Logitech’s Slim Devices intros Squeezebox Boom network player
Fremont (CA) – Slim Devices, a company Logitech acquired in October of 2006, today announced its Squeezebox Boom “all-in-one” network music player, which promises to deliver a wireless Internet music experience throughout your home. It’s a natural evolution for Slim Devices, but we are still waiting for an integration of the technology with other Logitech devices.
The Squeezebox Boom is essentially a network music player that connects via Wi-Fi to Internet radio stations and services such as Rhapsody, Last.FM, Slacker, Pandora and Sirius. Since Wi-Fi remains active when your PC is turned off, the Squeezebox Boom runs independently from your PC and can configure itself almost automatically by scanning for available networks. All you need to do to finalize the setup is to enter the password for your Wi-Fi network. If a PC is available, the device can access a music collection via SqueezeCenter software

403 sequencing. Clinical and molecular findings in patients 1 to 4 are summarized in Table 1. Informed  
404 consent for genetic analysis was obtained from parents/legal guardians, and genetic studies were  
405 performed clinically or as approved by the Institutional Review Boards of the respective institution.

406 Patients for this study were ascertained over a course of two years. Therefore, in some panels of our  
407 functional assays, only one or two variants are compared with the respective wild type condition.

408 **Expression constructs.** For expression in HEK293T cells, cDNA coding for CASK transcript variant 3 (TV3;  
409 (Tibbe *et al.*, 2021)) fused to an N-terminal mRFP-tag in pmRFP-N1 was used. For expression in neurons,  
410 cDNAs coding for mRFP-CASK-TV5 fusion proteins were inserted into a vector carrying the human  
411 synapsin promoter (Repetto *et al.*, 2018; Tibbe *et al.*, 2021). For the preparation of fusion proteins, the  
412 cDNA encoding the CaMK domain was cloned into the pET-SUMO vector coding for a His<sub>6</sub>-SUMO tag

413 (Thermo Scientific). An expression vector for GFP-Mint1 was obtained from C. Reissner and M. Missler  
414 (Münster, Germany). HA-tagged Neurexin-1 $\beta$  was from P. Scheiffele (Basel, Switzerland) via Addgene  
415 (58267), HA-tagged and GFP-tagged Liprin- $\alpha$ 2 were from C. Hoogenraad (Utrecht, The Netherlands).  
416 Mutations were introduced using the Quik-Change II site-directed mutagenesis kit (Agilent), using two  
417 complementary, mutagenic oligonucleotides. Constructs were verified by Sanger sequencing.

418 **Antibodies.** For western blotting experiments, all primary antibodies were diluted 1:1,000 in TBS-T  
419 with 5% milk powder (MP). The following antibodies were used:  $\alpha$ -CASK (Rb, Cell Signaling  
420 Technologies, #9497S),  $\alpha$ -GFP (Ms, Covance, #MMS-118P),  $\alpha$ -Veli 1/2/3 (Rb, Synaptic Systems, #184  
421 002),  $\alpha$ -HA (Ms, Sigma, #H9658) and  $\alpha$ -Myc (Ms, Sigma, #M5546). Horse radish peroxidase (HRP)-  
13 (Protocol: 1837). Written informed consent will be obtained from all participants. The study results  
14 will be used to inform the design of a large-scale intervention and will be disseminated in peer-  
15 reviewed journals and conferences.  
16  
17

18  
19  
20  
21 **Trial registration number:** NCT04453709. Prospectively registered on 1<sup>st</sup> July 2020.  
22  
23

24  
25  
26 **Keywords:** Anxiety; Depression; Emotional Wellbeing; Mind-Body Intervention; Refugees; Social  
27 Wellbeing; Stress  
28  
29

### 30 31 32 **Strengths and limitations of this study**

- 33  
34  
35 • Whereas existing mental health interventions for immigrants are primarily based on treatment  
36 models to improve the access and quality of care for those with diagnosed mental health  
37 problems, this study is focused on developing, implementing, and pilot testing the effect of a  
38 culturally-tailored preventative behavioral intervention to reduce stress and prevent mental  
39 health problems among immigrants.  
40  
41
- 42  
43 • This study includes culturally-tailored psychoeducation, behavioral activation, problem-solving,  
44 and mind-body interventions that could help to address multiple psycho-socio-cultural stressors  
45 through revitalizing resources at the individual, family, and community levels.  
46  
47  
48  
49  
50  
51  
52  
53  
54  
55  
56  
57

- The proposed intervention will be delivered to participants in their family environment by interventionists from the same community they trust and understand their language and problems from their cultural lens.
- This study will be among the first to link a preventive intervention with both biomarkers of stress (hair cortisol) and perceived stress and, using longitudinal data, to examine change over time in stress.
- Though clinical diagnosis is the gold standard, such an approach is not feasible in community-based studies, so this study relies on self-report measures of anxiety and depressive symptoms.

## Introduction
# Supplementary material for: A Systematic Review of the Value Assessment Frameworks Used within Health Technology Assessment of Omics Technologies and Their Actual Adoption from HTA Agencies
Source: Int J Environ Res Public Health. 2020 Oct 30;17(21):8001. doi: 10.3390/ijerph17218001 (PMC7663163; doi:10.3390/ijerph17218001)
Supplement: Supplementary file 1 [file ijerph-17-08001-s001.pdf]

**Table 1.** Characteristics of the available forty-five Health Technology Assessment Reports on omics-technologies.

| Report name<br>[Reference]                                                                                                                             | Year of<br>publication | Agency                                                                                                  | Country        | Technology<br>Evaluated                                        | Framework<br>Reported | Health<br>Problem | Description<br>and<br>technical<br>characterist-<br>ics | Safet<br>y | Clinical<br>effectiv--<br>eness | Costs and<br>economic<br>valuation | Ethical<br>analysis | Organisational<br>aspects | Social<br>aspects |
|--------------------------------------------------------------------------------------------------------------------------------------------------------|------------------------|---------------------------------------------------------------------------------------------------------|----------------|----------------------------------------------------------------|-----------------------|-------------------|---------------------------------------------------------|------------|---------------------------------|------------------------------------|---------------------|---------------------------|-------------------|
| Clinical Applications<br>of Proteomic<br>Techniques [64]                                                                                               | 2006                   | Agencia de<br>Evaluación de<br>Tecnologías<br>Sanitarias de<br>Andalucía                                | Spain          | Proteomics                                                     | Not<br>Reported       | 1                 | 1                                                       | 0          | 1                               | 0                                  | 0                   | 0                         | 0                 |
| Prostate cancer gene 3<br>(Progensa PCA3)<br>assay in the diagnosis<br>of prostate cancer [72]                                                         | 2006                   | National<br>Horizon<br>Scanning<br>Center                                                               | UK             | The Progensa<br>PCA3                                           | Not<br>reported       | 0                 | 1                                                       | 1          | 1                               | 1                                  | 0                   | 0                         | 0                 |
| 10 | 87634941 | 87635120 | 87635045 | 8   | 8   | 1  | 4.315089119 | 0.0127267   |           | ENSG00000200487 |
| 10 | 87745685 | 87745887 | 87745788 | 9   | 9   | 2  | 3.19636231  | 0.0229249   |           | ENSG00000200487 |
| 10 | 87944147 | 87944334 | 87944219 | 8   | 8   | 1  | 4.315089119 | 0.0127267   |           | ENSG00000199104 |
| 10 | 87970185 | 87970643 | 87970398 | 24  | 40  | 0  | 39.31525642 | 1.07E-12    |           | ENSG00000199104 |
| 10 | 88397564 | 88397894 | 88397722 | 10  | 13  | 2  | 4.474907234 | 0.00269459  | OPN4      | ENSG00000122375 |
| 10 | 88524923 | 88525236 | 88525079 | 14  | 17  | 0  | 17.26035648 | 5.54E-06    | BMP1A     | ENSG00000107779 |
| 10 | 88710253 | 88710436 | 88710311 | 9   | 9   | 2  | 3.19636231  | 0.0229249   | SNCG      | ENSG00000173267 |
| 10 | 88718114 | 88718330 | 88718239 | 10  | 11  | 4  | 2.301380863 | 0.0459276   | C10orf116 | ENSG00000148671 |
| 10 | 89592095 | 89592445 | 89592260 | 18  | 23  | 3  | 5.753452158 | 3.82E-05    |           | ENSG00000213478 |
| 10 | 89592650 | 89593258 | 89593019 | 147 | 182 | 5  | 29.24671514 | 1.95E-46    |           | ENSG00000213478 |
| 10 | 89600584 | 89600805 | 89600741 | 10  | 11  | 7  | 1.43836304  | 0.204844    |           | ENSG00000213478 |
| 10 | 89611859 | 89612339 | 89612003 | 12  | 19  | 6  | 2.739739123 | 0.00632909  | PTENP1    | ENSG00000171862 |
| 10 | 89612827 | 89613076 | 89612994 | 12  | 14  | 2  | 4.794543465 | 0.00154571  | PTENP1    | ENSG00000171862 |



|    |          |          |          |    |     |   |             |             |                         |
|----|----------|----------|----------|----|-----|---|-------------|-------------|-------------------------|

One player will retail for about $300 and you can add as many as you want as each Squeezebox Boom acts as a self-contained music system. Logitech calls this device the first of a generation that might replace the CD player and if you exploit all the features of the Boom and convert your CDs, that claim may actually be close to reality.
What is a bit surprising about this new Squeezebox is the fact that there is no integration whatsoever with existing Logitech devices (an exception are Harmony remotes, which, however, work with other consumer electronics as well.) Wouldn’t it be nice if you could control a Squeezebox Boom directly from a keyboard? What about supporting Logitech’s Bluetooth stereo headphones (there is no Bluetooth in the Boom)?
At least so far, Slim Devices looks a bit strange and lost within the Logitech family of products.